The RASC is celebrating its 150th birthday! Join us in congratulating them on this memorable milestone.
The first meeting of the Royal Astronomical Society of Canada, or RASC (pronounced ræsk), took place on December 1, 1868, at the Mechanics’ Institute on the corner of Adelaide St. and Church St. in Toronto. Eight gentlemen convened that evening. The minutes from that first meeting do not state exactly at what time they met, but Randall Rosenfeld, RASC’s historian and archivist, speculates it must have been evening because none of the attendees were men of leisure, and therefore probably worked during daytime hours. In addition, the minutes of that first meeting invite everyone to reconvene on the first Tuesday of January at 7 p.m. Article II of the minutes also decreed that henceforth they would meet monthly to “spend the evening somewhat as follows:
- Reading extracts from papers or publications, of anything new or otherwise interesting bearing on the subject of Astronomy;
- Reading original papers connected with any department of Astronomy;
- Examining anything new in Astronomical Science;
- Observing celestial objects if circumstances should favor our doing so;
- Conversation &c.”
What was remarkable about those eight gentlemen — Mungo Turnbull, Andrew Elvins, Daniel K. Winder, James L. Hughes, Samuel Clare, Robert Ridgway, Charles Potter, and George Brunt — was that they were all members of the working or middle classes. They were not men of leisure, with time on their hands to contemplate fun hobbies and the like. In addition, not one of them was a person of science, let alone an experienced astronomer. There were professional astronomers in the Canadian Confederation, but they were out and about in the vast lands that were to become Canada, using their astronomical skills to survey and divide the lands for the Crown.
Lost to history is how these eight men were lured to that first meeting. It may have been a circular of some kind, for other nascent societies of the time were using that format. It is also not known how the circular (or notice or letter) was distributed, nor the audience it targeted. Was it sent out to all 50,000 inhabitants of Toronto? Or only a select few?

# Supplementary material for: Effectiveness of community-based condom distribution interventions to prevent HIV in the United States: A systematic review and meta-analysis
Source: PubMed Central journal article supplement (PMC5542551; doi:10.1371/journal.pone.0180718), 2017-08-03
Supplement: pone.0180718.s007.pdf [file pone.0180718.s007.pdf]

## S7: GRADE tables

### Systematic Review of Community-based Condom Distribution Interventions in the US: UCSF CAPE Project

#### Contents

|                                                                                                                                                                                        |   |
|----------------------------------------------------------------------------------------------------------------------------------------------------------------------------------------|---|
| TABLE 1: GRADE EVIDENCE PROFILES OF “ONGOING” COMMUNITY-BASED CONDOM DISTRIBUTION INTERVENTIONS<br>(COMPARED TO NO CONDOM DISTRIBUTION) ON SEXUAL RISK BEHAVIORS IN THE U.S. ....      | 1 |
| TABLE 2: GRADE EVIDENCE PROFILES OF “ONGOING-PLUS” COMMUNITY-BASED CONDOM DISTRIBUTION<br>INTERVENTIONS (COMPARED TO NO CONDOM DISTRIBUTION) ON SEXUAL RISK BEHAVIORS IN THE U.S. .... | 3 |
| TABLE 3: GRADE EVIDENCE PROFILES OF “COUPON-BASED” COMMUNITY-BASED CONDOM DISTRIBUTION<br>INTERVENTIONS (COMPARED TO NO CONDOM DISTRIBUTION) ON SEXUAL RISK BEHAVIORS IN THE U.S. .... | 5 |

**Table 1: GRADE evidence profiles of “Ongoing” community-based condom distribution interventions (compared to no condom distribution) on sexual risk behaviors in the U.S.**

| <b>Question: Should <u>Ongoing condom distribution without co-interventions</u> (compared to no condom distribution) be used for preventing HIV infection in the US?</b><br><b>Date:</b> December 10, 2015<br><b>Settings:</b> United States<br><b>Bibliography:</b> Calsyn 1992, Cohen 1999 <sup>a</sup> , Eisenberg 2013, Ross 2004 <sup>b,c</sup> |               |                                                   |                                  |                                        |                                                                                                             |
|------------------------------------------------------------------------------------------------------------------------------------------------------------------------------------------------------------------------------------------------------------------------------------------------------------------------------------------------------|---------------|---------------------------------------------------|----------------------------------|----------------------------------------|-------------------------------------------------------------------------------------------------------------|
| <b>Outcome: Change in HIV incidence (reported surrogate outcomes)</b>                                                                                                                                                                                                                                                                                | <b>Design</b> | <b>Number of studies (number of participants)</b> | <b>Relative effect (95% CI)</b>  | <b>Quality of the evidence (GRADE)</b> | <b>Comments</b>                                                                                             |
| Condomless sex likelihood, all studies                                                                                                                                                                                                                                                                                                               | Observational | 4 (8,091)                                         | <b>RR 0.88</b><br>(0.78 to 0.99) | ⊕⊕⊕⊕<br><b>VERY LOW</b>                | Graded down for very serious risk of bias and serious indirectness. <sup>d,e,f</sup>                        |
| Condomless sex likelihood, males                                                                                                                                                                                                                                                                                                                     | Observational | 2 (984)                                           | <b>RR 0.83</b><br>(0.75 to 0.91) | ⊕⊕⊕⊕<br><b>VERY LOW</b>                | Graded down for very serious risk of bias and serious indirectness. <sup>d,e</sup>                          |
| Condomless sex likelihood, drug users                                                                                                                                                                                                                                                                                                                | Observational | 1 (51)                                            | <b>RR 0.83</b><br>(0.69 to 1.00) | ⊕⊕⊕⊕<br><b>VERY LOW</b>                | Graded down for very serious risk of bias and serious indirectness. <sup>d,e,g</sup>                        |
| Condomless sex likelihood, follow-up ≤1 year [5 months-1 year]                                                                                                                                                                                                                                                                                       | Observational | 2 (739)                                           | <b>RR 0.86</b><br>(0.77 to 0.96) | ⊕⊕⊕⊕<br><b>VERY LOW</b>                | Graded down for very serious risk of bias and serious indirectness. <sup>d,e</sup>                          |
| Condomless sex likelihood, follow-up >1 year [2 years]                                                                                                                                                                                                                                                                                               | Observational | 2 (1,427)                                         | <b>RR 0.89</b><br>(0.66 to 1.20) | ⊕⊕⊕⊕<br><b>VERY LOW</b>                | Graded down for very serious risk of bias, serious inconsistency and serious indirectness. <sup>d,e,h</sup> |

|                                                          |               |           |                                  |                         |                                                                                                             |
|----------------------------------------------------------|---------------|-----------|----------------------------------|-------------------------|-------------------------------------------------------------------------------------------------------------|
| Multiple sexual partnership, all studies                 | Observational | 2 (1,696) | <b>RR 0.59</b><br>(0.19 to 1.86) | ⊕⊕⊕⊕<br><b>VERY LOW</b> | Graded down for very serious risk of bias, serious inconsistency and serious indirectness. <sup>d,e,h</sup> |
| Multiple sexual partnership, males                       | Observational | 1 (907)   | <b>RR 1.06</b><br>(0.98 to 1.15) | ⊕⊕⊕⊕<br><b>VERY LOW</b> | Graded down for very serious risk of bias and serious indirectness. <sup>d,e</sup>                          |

In any case, on that December evening, this spirited group of men initially bestowed upon themselves the name “The Toronto Astronomical Club,” but within 5 months of that first meeting the club had transformed into “The Toronto Astronomical Society.” For a while, the ardent members corresponded with astronomers and researchers and held monthly meetings during which they discussed current astronomical events (as per Article II), and often had guests in attendance.
Enthusiasm eventually sputtered, and the activities of the society continued under more informal conditions, but never ceased entirely. In 1884, the club was revived as the “The Astronomical and Physical Society of Toronto,” and received its legal charter in 1890. Women were welcomed into the fold of the Society during the 1890s, and in 1903 it became “Royal,” apparently via a verbal nod from King Edward VII rather than through more official channels, and thence the Royal Astronomical Society of Canada came into being.
Following this it was deemed that the Society should evolve into a national endeavor, and in 1906 they established a second Centre (as the RASC’s national branches are called) in Ottawa, the site of the newly established Dominion Observatory. Thereafter, the Society spread nationwide. Today there are 28 Centres from coast to coast counting more than 5,000 members. The Society’s activities continue to honor the wishes of those eight valiant founding members, in addition to incorporating significant education and public outreach into their program, and organizing numerous star parties.
The RASC also publishes a very important annual tome, the Observer’s Handbook. At Sky & Telescope, we cannot imagine going about our daily activities without turning to this precious volume.
Read more about the RASC's year of celebrations here.
I hope you will all join us in raising a toast to the RASC — Happy Sesquicentennial! And may there be many more! Cheers!